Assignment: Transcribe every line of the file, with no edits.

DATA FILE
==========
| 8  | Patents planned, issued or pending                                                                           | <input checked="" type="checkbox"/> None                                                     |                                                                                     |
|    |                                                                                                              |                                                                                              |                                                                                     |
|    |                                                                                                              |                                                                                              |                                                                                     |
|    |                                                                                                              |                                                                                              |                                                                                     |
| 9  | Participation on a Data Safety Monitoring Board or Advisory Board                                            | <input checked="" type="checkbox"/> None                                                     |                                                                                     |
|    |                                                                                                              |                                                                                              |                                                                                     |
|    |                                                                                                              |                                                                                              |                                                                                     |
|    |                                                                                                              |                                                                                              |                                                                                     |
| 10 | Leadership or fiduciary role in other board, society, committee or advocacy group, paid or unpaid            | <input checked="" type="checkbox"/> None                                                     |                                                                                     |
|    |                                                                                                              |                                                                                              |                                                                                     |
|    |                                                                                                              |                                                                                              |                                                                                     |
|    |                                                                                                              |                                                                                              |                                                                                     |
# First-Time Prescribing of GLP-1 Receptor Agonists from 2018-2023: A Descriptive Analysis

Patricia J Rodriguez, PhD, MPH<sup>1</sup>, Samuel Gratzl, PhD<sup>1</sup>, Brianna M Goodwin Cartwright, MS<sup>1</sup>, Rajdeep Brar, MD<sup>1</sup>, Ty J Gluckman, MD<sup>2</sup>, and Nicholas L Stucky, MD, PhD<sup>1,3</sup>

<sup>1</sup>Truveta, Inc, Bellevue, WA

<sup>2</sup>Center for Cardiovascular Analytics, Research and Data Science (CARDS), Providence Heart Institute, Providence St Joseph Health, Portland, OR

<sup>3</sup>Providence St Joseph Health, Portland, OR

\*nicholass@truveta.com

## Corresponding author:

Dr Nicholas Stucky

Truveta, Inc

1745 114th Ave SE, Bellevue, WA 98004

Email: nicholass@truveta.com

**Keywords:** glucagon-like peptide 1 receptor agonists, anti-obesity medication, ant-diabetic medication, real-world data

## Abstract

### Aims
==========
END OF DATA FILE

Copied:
| 8  | Patents planned, issued or pending                                                                           | <input checked="" type="checkbox"/> None                                                     |                                                                                     |
|    |                                                                                                              |                                                                                              |                                                                                     |
|    |                                                                                                              |                                                                                              |                                                                                     |
|    |                                                                                                              |                                                                                              |                                                                                     |
| 9  | Participation on a Data Safety Monitoring Board or Advisory Board                                            | <input checked="" type="checkbox"/> None                                                     |                                                                                     |
|    |                                                                                                              |                                                                                              |                                                                                     |
|    |                                                                                                              |                                                                                              |                                                                                     |
|    |                                                                                                              |                                                                                              |                                                                                     |
| 10 | Leadership or fiduciary role in other board, society, committee or advocacy group, paid or unpaid            | <input checked="" type="checkbox"/> None                                                     |                                                                                     |
|    |                                                                                                              |                                                                                              |                                                                                     |
|    |                                                                                                              |                                                                                              |                                                                                     |
|    |                                                                                                              |                                                                                              |                                                                                     |
# First-Time Prescribing of GLP-1 Receptor Agonists from 2018-2023: A Descriptive Analysis

Patricia J Rodriguez, PhD, MPH<sup>1</sup>, Samuel Gratzl, PhD<sup>1</sup>, Brianna M Goodwin Cartwright, MS<sup>1</sup>, Rajdeep Brar, MD<sup>1</sup>, Ty J Gluckman, MD<sup>2</sup>, and Nicholas L Stucky, MD, PhD<sup>1,3</sup>

<sup>1</sup>Truveta, Inc, Bellevue, WA

<sup>2</sup>Center for Cardiovascular Analytics, Research and Data Science (CARDS), Providence Heart Institute, Providence St Joseph Health, Portland, OR

<sup>3</sup>Providence St Joseph Health, Portland, OR

\*nicholass@truveta.com

## Corresponding author:

Dr Nicholas Stucky

Truveta, Inc

1745 114th Ave SE, Bellevue, WA 98004

Email: nicholass@truveta.com

**Keywords:** glucagon-like peptide 1 receptor agonists, anti-obesity medication, ant-diabetic medication, real-world data

## Abstract

### Aims